Source of book: Audiobook from the library
How to even explain this book? It’s a zombie apocalypse novel. And a literary novel written by a serious author. It’s a thoughtful examination of consumer culture. It’s an ode to the trappings of our culture, from strip malls to chain restaurants to bureaucracy. It’s these things and more.
I would never have just picked a zombie book off a shelf. Not that I have anything against zombies. I’m not a big genre fiction reader, even if I do enjoy a murder mystery from time to time. This one caught my eye because the author, Colson Whitehead, recently wrote a re-imagining of the Underground Railroad as a literal train. The book sounded interesting, but, as it was new, it was popular, and thus on a waiting list. So, I checked out his other books, and discovered that this one was available on audiobook. Since I had several out-of-town cases within a two week period, and this book was about the right length for the combined trips, I gave it a shot.
It was, to say the least, an interesting experience. There is the requisite blood and gore - although not gratuitous. There are the standard boxes checked, although some zombie tropes are changed for the story. There are suspenseful passages, but suspense isn’t really the point. Horror abounds, but the banality of it all is more frightening than the horror itself. The pace is slow, and the constant flashbacks can be disorienting. Although some lines are a bit trite, most of it is written in a decidedly literary style, quite different from the page-turning pace of typical genre fiction.
One of the major changes to standard zombie orthodoxy is the introduction of “stragglers.” These are the one percent of the infected that don’t go in search of edible flesh. Instead, they hang around some touchstone of their previous life, endlessly repeating the same tasks. The copy boy in the law firm. The fortune teller at her desk. The man flying a kite that has long since disintegrated. These stragglers can be found throughout the book doing mundane things without recognition of anything else around them. It is these that make for the moral core of the book.
Since stragglers are not really a threat - they won’t harm anyone - is it ethical to kill them? On the other hand, they aren’t really “there” in any cognitive sense, so isn’t killing them an act of mercy? And can we trust them to stay benign? And, more disturbingly, how exactly are stragglers different from us? Aren’t most of us drones at what we do? Is the meaning we assign to our activities more valid than what the stragglers assign? How do we know?
In this book, the protagonist’s job is to go through part of Manhattan as a “sweeper,” cleaning up the remaining zombies that escaped the soldiers. Most of these are stragglers, easy to put down. But there are other zombies, the more common “skels” (short for skeleton) that have gotten trapped or locked in. These are more dangerous, and require decisive action to kill.
After the zombies are killed, the sweepers put them in body bags, and place them in the street for Disposal, who collects them and eventually incinerates them. One of the best lines in the book comes after the author describes why the sweepers are not permitted to toss the bodies out the window. They tend to splatter. Anyway, Disposal is not amused. “Defenestration unduly aggravated their job.”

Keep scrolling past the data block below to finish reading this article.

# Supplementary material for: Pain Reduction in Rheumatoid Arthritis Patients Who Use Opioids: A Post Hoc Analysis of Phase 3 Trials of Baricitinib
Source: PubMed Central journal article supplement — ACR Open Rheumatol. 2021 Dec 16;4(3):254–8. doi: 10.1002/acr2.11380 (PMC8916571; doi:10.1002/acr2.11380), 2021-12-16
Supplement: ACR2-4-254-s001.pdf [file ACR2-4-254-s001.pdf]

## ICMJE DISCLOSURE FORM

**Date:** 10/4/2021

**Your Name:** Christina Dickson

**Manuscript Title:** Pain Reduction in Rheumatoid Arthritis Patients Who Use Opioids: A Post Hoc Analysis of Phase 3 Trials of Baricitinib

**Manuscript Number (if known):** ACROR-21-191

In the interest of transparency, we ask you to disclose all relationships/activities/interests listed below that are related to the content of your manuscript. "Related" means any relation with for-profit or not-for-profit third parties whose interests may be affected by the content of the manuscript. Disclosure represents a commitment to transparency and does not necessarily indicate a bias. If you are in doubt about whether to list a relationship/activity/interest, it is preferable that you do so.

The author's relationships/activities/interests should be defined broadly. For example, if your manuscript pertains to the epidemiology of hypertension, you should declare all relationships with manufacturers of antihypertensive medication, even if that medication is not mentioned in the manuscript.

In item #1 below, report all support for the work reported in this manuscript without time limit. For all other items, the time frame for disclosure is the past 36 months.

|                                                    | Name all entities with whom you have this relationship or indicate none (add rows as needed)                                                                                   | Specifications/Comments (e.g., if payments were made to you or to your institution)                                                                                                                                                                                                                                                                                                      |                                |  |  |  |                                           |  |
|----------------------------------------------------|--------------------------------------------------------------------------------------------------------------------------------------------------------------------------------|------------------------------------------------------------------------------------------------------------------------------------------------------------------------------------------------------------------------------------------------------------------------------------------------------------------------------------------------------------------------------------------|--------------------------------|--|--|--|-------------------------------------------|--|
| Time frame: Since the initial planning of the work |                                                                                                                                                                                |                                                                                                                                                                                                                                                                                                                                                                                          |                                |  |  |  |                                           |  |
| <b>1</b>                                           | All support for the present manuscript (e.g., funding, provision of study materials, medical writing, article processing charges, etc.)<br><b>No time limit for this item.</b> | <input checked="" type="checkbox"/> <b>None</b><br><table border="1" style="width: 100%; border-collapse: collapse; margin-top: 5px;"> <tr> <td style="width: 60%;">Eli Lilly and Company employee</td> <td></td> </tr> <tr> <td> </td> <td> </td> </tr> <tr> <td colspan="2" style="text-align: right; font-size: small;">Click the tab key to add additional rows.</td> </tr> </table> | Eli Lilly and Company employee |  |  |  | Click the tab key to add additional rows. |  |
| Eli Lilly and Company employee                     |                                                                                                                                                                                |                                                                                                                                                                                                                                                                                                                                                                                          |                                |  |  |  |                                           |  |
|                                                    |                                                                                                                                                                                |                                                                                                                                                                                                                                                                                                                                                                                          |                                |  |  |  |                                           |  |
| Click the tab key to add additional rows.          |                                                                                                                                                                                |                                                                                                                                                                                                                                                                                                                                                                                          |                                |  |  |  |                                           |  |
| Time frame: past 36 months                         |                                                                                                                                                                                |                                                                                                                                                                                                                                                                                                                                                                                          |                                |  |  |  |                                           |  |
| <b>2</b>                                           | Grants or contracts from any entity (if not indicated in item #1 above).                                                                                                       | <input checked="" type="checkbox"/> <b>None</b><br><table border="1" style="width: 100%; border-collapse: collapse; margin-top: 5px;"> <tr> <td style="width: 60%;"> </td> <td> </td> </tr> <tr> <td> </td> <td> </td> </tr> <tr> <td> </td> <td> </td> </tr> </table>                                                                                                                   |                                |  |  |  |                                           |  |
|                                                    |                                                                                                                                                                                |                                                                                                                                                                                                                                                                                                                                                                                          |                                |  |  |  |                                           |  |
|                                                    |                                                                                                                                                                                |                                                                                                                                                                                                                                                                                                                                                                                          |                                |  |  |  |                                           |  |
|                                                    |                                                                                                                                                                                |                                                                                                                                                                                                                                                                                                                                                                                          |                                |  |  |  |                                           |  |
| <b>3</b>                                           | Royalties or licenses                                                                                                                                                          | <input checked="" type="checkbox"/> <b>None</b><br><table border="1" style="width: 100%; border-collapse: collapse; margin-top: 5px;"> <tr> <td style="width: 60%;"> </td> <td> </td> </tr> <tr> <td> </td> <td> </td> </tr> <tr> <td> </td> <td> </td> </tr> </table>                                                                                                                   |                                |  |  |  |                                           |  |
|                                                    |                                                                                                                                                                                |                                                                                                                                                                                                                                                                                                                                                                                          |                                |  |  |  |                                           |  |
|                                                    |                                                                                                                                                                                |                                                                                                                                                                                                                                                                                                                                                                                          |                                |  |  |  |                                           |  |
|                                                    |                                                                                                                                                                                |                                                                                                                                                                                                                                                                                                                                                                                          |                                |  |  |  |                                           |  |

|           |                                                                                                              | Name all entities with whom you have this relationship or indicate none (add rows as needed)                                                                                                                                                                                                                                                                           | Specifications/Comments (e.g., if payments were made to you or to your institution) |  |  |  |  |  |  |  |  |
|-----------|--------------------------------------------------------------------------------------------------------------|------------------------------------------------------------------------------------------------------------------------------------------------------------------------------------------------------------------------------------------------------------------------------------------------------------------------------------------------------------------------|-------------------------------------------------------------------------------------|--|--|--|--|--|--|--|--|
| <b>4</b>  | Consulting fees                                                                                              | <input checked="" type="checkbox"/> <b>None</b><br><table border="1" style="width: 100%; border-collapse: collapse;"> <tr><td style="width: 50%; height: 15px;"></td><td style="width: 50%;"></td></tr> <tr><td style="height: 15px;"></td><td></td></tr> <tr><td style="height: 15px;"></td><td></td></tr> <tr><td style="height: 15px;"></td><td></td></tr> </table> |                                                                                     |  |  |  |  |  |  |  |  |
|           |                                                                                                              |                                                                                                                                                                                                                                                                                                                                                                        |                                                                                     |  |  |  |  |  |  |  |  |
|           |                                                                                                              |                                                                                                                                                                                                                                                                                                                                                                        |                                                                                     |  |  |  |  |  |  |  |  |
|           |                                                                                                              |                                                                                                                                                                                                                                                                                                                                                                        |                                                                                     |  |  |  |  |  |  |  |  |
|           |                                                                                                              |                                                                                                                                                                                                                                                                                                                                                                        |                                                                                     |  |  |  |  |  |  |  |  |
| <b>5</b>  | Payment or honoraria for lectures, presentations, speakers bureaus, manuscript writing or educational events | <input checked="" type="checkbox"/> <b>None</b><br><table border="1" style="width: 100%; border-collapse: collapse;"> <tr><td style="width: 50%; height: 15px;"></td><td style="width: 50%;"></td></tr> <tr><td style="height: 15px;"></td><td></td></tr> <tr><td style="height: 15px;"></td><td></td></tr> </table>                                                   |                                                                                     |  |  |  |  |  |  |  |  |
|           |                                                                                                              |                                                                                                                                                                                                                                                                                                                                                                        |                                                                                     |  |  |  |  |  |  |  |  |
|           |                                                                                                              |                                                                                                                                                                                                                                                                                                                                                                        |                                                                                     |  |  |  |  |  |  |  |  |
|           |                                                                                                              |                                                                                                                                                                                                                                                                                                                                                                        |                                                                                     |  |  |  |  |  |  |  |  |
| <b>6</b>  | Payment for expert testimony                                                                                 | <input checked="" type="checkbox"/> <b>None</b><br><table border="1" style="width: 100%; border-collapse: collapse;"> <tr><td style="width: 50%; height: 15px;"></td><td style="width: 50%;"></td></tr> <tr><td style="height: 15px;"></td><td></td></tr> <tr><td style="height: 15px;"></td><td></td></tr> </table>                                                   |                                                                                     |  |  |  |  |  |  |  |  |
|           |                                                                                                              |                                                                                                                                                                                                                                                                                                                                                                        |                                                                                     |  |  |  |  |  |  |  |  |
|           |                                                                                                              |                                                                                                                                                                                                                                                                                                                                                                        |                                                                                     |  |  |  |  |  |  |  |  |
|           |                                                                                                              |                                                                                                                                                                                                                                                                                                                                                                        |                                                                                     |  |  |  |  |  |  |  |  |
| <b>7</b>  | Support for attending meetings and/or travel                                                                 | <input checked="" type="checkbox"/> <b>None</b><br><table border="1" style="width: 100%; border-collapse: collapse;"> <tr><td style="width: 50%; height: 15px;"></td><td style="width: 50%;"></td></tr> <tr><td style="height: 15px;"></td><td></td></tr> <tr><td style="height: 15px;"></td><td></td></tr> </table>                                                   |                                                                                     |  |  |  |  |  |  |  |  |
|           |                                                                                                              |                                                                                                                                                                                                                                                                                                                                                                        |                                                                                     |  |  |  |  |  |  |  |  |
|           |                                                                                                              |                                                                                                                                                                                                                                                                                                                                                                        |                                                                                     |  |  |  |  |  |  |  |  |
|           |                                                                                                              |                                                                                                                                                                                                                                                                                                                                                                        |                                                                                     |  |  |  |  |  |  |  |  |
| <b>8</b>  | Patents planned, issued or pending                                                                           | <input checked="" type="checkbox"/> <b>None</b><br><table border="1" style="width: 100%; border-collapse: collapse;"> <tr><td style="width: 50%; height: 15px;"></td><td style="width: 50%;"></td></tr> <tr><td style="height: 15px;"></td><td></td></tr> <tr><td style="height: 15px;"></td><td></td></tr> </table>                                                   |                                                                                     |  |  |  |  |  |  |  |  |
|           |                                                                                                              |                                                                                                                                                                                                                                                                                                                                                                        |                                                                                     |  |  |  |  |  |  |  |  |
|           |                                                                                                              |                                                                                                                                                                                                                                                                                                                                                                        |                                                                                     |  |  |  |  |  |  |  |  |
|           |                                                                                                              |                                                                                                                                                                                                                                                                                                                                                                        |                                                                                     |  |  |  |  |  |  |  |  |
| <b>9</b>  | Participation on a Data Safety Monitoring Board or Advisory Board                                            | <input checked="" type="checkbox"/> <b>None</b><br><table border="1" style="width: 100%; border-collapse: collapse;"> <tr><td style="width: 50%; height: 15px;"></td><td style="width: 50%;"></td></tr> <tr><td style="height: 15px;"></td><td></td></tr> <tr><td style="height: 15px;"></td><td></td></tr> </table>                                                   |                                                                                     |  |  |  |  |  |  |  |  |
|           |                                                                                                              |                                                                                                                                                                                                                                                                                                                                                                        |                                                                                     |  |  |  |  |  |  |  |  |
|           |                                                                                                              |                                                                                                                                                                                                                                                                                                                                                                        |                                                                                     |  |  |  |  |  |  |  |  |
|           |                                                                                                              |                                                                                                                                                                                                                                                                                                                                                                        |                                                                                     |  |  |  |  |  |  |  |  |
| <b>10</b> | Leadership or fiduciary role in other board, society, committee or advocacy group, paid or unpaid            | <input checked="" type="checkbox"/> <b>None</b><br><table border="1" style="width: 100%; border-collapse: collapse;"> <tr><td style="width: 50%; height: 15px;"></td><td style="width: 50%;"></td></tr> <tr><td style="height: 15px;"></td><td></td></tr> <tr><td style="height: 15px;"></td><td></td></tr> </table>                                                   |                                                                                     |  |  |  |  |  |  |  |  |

This is one of the uncomfortable truths of war, though. At its heart, it involves killing. And killing humans. Real people. And one cannot do that without a protective defense mechanism to shield one from the horror of what one is doing. The protagonist, nicknamed “Mark Spitz,” (we never learn his real name) occupies an interesting psychological space. He tends to see people he knows in the faces of the stragglers, and yet he doesn’t really have difficulty killing. He himself isn’t sure why - or he doesn’t want to know.
One of the most disturbing scenes in the book comes as the author reveals how these defense mechanisms work for other characters. For Gary, the marginalized mechanic, he envisions the undead as the people who have disrespected him, the establishment finally getting theirs, the people who have called him epithets of all kinds, and called the cops on them for noise. For Kaitlyn, the former preppy girl, “this scourge came from a different population...single moms incessantly breeding, flouters of speed laws, and those who had only themselves to blame for their ridiculous credit card debt.” The sort who didn’t attend parent teacher conferences, and ate fast food too often. Both Gary and Kaitlyn are revealed as much by who they denigrate as anything else they do. The people who are subhuman to them. I’d say that Whitehead is being rather unsubtle here, caricaturing the views of the left and right, but at least as far as Kaitlyn goes, I have heard far too many of those things in my own circles. Heck, I’ve said some of them, something I am ashamed of having done. Whitehead’s summary is devastating: